Former UPEI prof, novice nun, in Texas helping refugee families find their way in U.S.
'It's just one constant prayer. One constant prayer for their future'
Libby Osgood has surely done it all.
From a career as a NASA engineer, to becoming a UPEI professor and now living life as a nun, her adventures have taken her around the world and now she's found herself in the western horn of Texas helping refugees plan their journey in the U.S.
Osgood is in El Paso — a city right on the Texas, Mexico border — because of a call put out by the non-profit organization Annunciation House.
It claims to have been helping migrant families and refugees in the area for the last 40-plus years, but now it needs volunteers to help the 500 people crossing into the U.S. every day, Osgood said.
A lot of what we've been doing is like a taxiing service, I considered myself an Uber one day.— Libby Osgood
With that in mind, she told Island Morning host Mitch Cormier, "myself and two of our other sisters from the Congregation of Notre Dame have answered the call."
She's now living out of a hotel and spends her waking hours helping refugees who have been released from immigration facilities in the U.S.
'The worry tends to melt from their face'
When the people are released from the facilities, she said, they have to have sponsoring families elsewhere in the U.S. to go to and that's where the volunteers' work begins.
The individuals and families newly arrived in the U.S. are people "who've been through a lot," she said, that come "with this hardened look" as they step off the bus.
That's until, she said, herself and other volunteers welcome them and tell them they're not alone and that volunteers are going to help them along the way.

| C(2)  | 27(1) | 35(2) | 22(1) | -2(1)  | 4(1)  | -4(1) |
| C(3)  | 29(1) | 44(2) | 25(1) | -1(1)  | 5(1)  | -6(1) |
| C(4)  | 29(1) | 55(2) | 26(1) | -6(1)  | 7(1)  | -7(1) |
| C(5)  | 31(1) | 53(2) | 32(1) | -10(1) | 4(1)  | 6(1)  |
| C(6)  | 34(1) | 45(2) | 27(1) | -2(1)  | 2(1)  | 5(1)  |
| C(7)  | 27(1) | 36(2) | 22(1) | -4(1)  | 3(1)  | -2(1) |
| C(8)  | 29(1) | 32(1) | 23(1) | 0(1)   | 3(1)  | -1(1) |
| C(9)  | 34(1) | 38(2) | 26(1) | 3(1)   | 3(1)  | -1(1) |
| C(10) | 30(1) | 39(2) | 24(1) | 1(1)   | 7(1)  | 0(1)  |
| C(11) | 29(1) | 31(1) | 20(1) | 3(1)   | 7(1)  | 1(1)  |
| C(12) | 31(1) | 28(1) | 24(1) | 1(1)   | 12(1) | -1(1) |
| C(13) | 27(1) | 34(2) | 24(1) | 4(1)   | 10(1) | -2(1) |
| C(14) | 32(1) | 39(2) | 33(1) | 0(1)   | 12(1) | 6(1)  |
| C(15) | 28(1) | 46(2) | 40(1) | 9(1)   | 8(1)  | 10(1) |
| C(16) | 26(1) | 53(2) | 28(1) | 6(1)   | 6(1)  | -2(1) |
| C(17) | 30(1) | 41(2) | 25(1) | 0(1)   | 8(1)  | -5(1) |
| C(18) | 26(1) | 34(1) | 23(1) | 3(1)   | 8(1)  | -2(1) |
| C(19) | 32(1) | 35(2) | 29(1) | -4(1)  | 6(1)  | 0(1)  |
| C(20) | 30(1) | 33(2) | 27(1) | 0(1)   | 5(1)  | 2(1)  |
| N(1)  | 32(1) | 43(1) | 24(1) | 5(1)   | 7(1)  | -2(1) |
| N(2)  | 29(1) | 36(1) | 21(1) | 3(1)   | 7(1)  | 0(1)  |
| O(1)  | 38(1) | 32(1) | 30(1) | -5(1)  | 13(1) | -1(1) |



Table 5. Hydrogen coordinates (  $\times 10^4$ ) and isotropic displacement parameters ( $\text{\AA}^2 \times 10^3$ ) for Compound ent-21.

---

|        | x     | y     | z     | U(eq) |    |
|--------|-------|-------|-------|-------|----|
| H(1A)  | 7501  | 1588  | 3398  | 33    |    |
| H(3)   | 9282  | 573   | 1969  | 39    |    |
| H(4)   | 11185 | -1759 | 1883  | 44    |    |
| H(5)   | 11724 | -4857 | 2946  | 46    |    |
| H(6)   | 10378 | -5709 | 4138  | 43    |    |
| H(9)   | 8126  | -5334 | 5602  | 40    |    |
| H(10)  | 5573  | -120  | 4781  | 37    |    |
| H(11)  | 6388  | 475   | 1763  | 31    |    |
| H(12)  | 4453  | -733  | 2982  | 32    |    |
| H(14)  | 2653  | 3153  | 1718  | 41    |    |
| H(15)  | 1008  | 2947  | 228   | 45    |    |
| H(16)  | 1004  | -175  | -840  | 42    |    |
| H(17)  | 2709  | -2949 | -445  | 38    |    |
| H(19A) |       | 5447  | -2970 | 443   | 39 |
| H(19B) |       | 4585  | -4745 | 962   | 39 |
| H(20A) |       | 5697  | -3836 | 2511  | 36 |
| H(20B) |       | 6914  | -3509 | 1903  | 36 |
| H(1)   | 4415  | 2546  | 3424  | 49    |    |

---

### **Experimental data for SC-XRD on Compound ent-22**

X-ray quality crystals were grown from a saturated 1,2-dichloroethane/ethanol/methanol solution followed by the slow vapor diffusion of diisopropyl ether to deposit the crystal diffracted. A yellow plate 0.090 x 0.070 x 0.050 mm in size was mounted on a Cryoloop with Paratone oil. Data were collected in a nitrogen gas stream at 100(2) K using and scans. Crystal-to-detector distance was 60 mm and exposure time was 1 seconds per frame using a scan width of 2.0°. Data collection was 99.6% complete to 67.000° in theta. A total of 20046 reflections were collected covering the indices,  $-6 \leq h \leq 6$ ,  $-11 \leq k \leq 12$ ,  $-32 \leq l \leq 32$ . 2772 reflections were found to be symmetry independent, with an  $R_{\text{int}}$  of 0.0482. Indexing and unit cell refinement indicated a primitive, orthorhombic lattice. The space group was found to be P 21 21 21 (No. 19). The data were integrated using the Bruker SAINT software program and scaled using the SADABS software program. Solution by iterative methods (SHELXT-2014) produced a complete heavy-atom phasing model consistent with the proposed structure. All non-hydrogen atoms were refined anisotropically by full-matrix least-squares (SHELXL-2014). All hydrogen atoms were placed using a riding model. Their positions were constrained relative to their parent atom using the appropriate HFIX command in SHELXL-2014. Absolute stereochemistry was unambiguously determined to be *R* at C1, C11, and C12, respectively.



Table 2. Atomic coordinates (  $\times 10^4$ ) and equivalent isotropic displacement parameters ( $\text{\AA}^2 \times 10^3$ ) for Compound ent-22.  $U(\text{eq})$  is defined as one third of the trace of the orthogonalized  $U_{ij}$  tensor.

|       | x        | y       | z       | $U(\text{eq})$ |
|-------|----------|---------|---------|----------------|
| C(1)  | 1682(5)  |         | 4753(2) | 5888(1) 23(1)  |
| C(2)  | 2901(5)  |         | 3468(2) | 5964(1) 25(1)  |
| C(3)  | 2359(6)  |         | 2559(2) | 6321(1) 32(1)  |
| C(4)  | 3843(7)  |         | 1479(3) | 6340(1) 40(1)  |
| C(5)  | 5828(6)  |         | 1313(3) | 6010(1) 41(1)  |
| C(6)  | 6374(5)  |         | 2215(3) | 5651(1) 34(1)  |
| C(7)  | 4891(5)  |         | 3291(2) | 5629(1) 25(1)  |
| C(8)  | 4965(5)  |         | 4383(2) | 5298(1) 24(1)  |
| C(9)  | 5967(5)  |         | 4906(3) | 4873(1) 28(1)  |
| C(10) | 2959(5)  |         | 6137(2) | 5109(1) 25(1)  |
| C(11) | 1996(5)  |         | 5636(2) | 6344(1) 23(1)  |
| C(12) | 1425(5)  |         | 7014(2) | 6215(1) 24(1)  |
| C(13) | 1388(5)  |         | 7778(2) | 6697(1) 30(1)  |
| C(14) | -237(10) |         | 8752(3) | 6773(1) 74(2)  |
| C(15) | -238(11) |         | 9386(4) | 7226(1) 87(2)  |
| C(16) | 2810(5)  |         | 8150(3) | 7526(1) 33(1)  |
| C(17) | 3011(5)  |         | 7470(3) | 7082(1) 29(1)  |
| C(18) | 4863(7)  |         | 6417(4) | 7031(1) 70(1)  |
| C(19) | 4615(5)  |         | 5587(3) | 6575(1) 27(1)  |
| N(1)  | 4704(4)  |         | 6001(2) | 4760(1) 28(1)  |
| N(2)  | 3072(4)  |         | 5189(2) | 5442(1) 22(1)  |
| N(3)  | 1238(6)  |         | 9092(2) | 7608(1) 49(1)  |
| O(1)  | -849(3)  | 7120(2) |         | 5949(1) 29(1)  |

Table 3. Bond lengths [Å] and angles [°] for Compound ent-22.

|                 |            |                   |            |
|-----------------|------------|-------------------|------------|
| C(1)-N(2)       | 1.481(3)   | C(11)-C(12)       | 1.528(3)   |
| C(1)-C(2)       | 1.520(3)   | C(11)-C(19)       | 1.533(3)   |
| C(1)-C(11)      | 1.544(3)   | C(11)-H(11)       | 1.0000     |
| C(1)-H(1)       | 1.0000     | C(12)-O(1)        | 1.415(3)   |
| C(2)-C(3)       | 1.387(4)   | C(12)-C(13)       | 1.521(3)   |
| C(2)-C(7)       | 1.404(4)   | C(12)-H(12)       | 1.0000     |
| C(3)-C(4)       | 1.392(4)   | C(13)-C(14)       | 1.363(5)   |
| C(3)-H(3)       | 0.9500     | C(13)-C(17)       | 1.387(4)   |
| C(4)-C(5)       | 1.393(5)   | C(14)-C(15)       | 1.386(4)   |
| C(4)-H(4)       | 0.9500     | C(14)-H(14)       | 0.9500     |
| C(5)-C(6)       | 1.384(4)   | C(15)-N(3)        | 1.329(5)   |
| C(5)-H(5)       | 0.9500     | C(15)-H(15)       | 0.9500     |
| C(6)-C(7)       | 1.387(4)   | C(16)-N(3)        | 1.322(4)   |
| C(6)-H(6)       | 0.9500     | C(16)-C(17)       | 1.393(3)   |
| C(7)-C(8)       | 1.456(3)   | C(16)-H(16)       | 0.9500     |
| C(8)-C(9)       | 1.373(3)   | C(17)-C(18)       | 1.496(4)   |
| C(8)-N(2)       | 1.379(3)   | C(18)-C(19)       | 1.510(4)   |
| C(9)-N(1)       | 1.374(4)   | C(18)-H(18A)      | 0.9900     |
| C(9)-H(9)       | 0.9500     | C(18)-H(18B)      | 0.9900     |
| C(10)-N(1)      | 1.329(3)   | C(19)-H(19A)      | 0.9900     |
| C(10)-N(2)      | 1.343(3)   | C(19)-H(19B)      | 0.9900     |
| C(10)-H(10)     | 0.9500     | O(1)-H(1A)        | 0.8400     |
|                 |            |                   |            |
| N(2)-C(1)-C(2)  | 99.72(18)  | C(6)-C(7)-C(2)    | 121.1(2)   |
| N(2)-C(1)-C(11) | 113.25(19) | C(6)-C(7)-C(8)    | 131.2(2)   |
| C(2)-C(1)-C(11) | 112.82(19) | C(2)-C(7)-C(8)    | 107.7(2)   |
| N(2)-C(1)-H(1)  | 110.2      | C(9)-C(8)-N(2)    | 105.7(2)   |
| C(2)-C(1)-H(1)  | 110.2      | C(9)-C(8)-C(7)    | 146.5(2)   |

"Then they look around and see a dozen volunteers standing there smiling at them, the worry tends to melt from their face," she said.
Osgood and others give them a place to stay until that sponsor family can get the refugee a bus or airplane ticket. While they wait for that, the volunteers prepare care packages including making "hundreds and hundreds of peanut butter sandwiches" for the journey ahead.
'They are resilient people'
Once the plan comes together as to how the people are going to get to their sponsor families, she and others take the families to bus stations and airports to send them off to different parts of the country.
"A lot of what we've been doing is like a taxiing service, I considered myself an Uber one day," she said.
"If we can, they'll let us go in through security and take them up to the gate and try to explain all the crazy things. One of the things that people have been not too sure about is going into the bathroom and getting the sink to turn on or the toilet to flush."
The send-off is usually a quick one, however, because while she's happy to see them go she has to rush back to help the dozens and dozens more waiting to begin their new lives as well.
"They are resilient people and I have no doubt they're going to do great in life here in America and I'm excited that they get the chance," she said.
"It's just one constant prayer. One constant prayer for their future, for the hope that they have and that they continue to have that."
She'll finish her weeks of volunteering in El Paso in early February and then make her way back to the eastern states before "hopefully" coming back to P.E.I. for a spell.
In the mean time, she'll be there helping as many as she can and, when time permits, chronicling her efforts in her blog.
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With files from Island Morning